The automotive industry continues to be a force of innovation on the global stage. In particular, its use of virtual reality. Companies such as the Ford Motor Company and Tesla are developing virtual reality training tools to enhance their technology and their staff’s skills. Audi improved the safety of their new car designs in the manufacturing stage through virtual reality testing. Volkswagen is also using VR for virtual prototyping, saving thousands on design costs. These applications have changed the industry for the better.
What is virtual reality?
Virtual reality is the utilization of computer-generated 3D surroundings and objects in a virtual space. This is normally performed using a head-mounted display. While it was formerly thought to be a fad for video games, it is now gaining traction as a legitimate strategy to level up your business.
Brief history of VR
To truly understand how VR changed the automotive industry, we need to understand how it began. The first instance of electronic virtual reality was developed by computer artist David Em. Although rudimentary VR environments existed before then, it was David Em who made one that was navigable. A far cry from the charmingly primitive “Sensorama” invention by Morton Heilig. The Sensorama was simply a screen that shoved the user into a booth with a small screen in front of them.
David Em’s virtual worlds were developed for NASA’s Jet Propulsion Laboratory. This advancement also helped a whole host of engineers to create their versions. Interestingly enough, the term virtual reality wouldn’t enter public consciousness until Jaron Lanier found the company “VPL Research”. Most people know him for helping develop the Power Glove.
All of this was not possible on a home computer though, and that made it inaccessible to the layperson. That all changed in 1988 thanks to Autodesk’s innovative technology. It could now be run on a personal computer without much fuss. It was there that the gaming industry took a real interest in the burgeoning new industry. SEGA was at the forefront of these developments in the 90s.
State of modern VR
Unfortunately, the technology at the time wasn’t enough to generate interest in investments. For a long period in the 2000s, VR technology remained in limbo. Finally, the stagnancy was changed by the Oculus Rift’s release in 2010. Developed by Palmer Luckey and later along with John Carmack, the VR technology started to escape its long stagnancy in the market.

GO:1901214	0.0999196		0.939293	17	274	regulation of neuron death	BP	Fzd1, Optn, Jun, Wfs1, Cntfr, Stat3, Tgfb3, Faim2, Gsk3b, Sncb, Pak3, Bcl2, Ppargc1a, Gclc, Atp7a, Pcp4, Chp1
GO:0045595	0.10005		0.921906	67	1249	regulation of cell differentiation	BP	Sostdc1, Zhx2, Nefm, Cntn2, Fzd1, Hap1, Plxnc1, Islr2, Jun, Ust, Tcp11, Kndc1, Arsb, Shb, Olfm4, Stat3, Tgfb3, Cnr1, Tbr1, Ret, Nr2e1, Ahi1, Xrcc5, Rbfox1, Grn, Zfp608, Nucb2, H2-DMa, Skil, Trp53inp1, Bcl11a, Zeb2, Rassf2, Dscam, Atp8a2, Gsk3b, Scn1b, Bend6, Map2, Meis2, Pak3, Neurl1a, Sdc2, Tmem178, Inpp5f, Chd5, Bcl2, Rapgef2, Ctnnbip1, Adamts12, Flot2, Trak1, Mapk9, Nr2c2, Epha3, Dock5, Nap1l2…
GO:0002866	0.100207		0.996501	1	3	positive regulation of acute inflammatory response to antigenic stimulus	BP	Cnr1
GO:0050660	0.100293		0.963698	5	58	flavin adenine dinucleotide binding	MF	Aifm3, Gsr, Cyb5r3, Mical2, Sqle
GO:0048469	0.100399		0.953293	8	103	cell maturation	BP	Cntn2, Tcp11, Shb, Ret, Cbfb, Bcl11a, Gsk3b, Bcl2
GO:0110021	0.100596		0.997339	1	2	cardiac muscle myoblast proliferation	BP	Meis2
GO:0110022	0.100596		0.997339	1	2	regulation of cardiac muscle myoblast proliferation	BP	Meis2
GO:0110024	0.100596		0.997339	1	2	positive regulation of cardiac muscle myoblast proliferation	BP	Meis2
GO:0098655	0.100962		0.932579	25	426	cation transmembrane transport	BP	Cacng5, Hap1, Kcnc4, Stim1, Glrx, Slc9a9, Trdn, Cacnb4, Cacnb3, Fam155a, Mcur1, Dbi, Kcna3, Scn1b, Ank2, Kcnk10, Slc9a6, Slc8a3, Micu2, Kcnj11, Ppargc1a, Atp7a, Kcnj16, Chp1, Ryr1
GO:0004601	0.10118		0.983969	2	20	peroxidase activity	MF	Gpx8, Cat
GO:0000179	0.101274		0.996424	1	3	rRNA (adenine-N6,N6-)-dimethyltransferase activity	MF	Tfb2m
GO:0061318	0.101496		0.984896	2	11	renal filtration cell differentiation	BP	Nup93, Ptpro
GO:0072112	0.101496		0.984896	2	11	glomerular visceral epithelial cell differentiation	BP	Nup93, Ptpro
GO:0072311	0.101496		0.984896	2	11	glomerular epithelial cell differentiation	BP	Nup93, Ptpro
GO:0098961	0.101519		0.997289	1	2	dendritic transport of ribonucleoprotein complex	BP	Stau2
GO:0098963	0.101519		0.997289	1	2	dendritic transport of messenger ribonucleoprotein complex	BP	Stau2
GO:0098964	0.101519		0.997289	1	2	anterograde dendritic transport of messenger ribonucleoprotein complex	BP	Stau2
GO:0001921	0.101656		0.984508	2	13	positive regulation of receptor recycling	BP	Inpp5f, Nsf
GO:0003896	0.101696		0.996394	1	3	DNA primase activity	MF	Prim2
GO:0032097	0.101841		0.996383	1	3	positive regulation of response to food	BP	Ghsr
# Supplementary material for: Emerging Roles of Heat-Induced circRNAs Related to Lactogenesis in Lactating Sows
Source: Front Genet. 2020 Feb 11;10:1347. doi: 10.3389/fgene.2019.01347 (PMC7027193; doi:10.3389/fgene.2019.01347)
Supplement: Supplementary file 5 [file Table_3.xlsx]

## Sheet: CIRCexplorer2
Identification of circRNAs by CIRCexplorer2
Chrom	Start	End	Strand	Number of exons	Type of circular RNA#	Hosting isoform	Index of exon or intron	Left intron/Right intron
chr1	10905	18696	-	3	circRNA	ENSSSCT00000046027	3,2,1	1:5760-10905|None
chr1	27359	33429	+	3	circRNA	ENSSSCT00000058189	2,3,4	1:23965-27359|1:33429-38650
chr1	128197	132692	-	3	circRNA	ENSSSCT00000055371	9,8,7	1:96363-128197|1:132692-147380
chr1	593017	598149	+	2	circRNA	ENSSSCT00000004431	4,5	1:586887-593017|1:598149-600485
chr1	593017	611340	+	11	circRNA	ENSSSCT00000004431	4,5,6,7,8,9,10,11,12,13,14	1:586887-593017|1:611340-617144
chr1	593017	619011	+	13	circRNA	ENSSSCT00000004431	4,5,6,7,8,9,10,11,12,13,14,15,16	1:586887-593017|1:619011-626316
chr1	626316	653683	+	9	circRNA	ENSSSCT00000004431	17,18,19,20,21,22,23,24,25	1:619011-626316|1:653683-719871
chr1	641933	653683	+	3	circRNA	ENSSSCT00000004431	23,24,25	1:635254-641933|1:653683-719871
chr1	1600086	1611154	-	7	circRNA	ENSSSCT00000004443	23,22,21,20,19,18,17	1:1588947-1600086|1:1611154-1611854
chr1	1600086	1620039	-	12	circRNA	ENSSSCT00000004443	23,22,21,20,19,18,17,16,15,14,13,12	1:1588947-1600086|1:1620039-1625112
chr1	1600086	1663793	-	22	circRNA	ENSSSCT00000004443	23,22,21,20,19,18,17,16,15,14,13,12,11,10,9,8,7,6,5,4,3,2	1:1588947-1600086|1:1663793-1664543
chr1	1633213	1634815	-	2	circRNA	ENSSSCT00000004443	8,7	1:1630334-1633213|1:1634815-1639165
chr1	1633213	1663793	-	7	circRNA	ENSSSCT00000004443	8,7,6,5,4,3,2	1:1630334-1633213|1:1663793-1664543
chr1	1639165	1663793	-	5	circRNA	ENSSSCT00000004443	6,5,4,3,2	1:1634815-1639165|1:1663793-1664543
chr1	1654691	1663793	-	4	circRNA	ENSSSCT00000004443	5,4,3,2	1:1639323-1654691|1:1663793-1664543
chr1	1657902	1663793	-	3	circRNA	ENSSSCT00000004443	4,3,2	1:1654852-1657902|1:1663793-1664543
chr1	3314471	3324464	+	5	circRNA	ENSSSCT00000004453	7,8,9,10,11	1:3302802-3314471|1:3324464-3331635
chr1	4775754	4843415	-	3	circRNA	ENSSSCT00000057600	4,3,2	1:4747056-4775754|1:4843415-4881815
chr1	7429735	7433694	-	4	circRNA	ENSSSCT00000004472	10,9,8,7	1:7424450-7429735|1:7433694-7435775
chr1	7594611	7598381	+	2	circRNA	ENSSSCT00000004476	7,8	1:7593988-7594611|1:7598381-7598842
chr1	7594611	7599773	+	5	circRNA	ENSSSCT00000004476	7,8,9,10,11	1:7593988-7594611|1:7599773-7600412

All of these strides led Facebook (now known as Meta) to acquire the Oculus company for $3 billion, the biggest profile getting off the VR field in years. Soon, everybody was investing in the VR craze. Sony, Amazon, Apple, Google, and Microsoft all went to work on their own VR pet projects.
VR in the automotive industry
What we have learned from the history of VR are these important facts:
- VR immerses people into a virtual environment
- It allows people to experience things without the physical component
- The only space it needs is a room that can fit the platform it is on
- The software can simulate real-life physics to a certain extent
These qualities are exactly why the automotive industry took an interest. The earliest adopters were the engineers at Mercedes. Many automotive industries have been using software to develop blueprints. However, Mercedes (partnered with Microsoft) were among the first to use VR during these prototype developments.
Mercedes uses a technology they call “Virtual Remote Support” to enhance their customer support. By giving VR goggles to their branch specialists, people can collaborate in real-time with 3D attachments. For example, if a car engine has issues, an engineer could send the part to them and show exactly where the problem may be. It also has great use as a training tool for new specialists. No physical assets are lost if the repair is done virtually first.
This is where virtual showrooms started popping up. Through 3D-generated images or graphics, these showrooms allowed people to look at cars from the safety of their homes. Some advanced showrooms even let people “enter the car” and give the interior a look. For particularly fun ones, they even get to drive the cars they want to buy. Showrooms are essentially virtual stores for customers to shop in. This means you now have a global pseudo-branch that can be accessed from anywhere at any time.
Prototypes are an expensive investment. They cost time and physical resources to make, and may not even work. Virtual prototypes solve many of those problems. In a virtual reality setting, engineers create car parts and simulate how they would perform in a live environment. While by no means perfect, virtual reality significantly lowers the risks of developing new technology. Minimizing the margins for error in the virtual space translates well into real-life use. It also has the secondary benefit of being wanted by other companies.